During the 16-17th centuries there have been many maritime activities in different oceanic regions of the globe. However, most of them were for adventuring and trade. Our present knowledge and understanding of the MABL over various oceanic regions of the globe comes from measurements taken during different field experiments. The great scientific oceanographic expeditions, usually involving several disciplines, essentially included meteorological surveys. In the first half of the 20th century, the scientific community focused their research towards air-sea interaction processes and the features of MABL and tried to derive a balanced description of the global climate. Among the earliest open-ocean measurements were those of Sheppard and Omar (1952), for low wind speeds. There was a growing need for data in higher wind-speed conditions to determine the dependence of drag coefficient (C D) on the wind speed over the oceans. More experiments were conducted (Brocks, 1959; Fleagle et al., 1958; Hay, 1955), but data were still lacking at speeds above 13 ms-1. By the end of the 1950s, there was some agreement on the value of C D but no consensus on its wind speed dependence. It began to appear that open ocean coefficients were slightly lower than those from semi-enclosed waters. Deacon and Webb (1962) reviewed early determinations of air-sea exchange coefficients. In the 1960s an era of large international field projects began, with an emphasis on tropical seas. An important step from marine meteorology towards air-sea interaction was based on observations of pilot balloon ascents made from ships of opportunity the Atlantic Ocean (Hasse, 1990). In the beginning studies pertained to determining bulk transfer coefficients on the local scale. However, with the advancement of science, the emphasis shifted to studies of a more complex nature with multi-ship based international experiments. In The late 1970s, climate and global change issues created a need for more precise modelling of air-sea momentum, heat, and moisture fluxes. Offshore oil platforms have created another need to understand air-sea interface fluxes, with an emphasis on waves and on coastal domains. Stull (1988) summarizes the major field experiments that were either completely devoted to ABL measurements, or had a major ABL subprogram (see Table 10.1, Stull, 1988, pp. 417 - 419). In the following sub- sections, we present brief details of some major oceanographic field experiments conducted over different oceanic regions over the entire globe during the last five decades prior to INDOEX (1996 - 1999).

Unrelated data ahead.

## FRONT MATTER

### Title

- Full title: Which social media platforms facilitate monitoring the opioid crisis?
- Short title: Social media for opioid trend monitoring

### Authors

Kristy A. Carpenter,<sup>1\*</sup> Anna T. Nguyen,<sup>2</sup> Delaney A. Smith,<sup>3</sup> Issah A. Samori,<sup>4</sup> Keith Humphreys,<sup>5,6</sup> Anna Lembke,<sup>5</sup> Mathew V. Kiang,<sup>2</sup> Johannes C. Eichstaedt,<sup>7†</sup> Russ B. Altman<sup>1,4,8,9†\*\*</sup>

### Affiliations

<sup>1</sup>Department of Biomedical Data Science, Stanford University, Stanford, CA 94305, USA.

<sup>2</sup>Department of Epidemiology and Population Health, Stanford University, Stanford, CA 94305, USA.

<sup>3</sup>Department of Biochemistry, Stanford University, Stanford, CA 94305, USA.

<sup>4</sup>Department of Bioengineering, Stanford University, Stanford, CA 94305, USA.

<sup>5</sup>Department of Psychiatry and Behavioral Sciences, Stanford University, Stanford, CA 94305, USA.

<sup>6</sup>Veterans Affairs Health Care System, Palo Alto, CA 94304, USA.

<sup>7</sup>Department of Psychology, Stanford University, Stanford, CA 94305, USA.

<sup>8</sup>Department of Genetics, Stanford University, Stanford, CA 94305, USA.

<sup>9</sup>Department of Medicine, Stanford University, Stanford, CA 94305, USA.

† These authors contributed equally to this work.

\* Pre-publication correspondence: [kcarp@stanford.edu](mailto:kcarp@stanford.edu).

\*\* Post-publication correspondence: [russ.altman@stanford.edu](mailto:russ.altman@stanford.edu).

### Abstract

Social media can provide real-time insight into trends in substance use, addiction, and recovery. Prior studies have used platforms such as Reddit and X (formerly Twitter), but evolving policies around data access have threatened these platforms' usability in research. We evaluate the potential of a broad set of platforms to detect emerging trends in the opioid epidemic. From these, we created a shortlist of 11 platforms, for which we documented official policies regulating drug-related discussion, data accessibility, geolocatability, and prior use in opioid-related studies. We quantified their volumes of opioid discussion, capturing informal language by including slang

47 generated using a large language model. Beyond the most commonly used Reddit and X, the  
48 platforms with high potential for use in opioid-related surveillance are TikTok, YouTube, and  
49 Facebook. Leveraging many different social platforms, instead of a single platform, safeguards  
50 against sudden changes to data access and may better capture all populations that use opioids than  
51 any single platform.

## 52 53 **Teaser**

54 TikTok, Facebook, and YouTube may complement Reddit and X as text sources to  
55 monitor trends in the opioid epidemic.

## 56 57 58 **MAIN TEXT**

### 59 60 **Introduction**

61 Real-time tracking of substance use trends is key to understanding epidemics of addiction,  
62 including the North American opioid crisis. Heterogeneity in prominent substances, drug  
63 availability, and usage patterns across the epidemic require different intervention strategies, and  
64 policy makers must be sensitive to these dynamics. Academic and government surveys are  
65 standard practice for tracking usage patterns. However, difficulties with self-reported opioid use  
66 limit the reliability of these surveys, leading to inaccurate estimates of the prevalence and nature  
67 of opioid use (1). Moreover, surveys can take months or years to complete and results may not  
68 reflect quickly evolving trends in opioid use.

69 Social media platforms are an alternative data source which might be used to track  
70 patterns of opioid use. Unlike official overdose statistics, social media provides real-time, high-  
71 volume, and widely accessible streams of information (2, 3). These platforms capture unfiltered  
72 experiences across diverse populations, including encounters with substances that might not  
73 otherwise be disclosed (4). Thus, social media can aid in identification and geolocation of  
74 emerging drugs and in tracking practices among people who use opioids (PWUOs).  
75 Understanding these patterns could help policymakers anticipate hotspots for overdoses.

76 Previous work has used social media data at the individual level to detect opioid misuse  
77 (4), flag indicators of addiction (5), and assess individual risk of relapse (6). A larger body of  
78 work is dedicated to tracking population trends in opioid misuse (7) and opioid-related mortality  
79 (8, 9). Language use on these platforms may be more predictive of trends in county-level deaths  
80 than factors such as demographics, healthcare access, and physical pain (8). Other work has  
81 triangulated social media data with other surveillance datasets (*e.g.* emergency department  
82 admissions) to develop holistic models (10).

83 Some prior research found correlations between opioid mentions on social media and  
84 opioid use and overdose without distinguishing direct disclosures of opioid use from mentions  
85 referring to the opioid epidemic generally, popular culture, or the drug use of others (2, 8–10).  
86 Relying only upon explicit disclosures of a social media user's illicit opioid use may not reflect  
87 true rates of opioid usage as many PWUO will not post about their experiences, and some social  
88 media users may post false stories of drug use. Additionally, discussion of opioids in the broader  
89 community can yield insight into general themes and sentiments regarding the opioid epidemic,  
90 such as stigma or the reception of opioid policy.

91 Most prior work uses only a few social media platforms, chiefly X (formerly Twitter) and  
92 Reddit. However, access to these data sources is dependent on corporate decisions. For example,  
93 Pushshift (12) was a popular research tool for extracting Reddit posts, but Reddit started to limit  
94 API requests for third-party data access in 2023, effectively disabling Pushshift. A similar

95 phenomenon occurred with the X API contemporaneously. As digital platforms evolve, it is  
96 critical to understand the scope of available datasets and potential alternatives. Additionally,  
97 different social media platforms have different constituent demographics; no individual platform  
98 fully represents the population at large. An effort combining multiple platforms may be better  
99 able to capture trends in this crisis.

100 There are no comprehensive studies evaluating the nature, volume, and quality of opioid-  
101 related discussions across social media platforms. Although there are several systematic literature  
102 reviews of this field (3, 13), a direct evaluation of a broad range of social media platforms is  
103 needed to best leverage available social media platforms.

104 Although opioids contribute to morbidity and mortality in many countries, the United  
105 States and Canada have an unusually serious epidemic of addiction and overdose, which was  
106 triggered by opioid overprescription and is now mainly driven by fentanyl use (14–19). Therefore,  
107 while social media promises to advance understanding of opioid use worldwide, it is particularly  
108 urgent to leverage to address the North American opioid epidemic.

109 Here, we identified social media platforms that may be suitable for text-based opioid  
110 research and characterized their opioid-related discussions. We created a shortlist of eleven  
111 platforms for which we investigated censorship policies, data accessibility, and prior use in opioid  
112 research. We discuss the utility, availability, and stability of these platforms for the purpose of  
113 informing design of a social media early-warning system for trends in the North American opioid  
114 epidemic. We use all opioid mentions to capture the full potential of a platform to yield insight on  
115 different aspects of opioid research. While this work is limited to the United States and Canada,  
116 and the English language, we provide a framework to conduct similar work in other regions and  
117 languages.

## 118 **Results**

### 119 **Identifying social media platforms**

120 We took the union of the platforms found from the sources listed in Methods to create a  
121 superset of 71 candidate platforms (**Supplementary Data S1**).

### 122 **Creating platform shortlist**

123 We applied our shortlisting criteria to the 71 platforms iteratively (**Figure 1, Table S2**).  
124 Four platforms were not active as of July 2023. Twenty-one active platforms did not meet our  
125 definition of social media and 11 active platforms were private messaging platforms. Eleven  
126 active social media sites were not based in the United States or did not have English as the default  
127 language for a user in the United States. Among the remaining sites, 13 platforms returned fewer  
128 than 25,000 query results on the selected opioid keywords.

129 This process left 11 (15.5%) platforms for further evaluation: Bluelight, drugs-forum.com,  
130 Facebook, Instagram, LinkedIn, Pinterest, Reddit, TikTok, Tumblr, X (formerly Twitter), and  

Due to lack of coordinated and well-planned scientific field experiments over the tropical Indian Ocean region, for a long time, the Indian Ocean remained one of the least explored regions. Ocean studies received impetus only after India's independence with the launching of the International Indian Ocean Expedition (IIOE) during 1962-1965. The expedition was a large, international program, conceived at the first International Oceanographic Congress in 1959 as a means of gathering information on the least studied ocean in the world. This expedition co-ordinated by the international agencies like United Nations Educational Scientific and Cultural Organization (UNESCO) & Scientific Community of Oceanic Research (SCOR) involved participation of 20 countries with 40 oceanographic research vessels. The expedition led to the generation of huge amount of data and unravelled many features of the Indian Ocean (Wyrtki, 1973; 1971). This field experiment yielded the first large data sets of fluxes based on profiles of wind, temperature, and humidity. During IIOE, radiosondes from ships and dropsondes from aircraft provided some valuable data to study the structure of MABL over the tropical Indian Ocean. However, the IIOE data were not adequate to delineate the different sublayers of the MABL in this region and bring out their characteristic features (Parasnis and Morwal, 1993).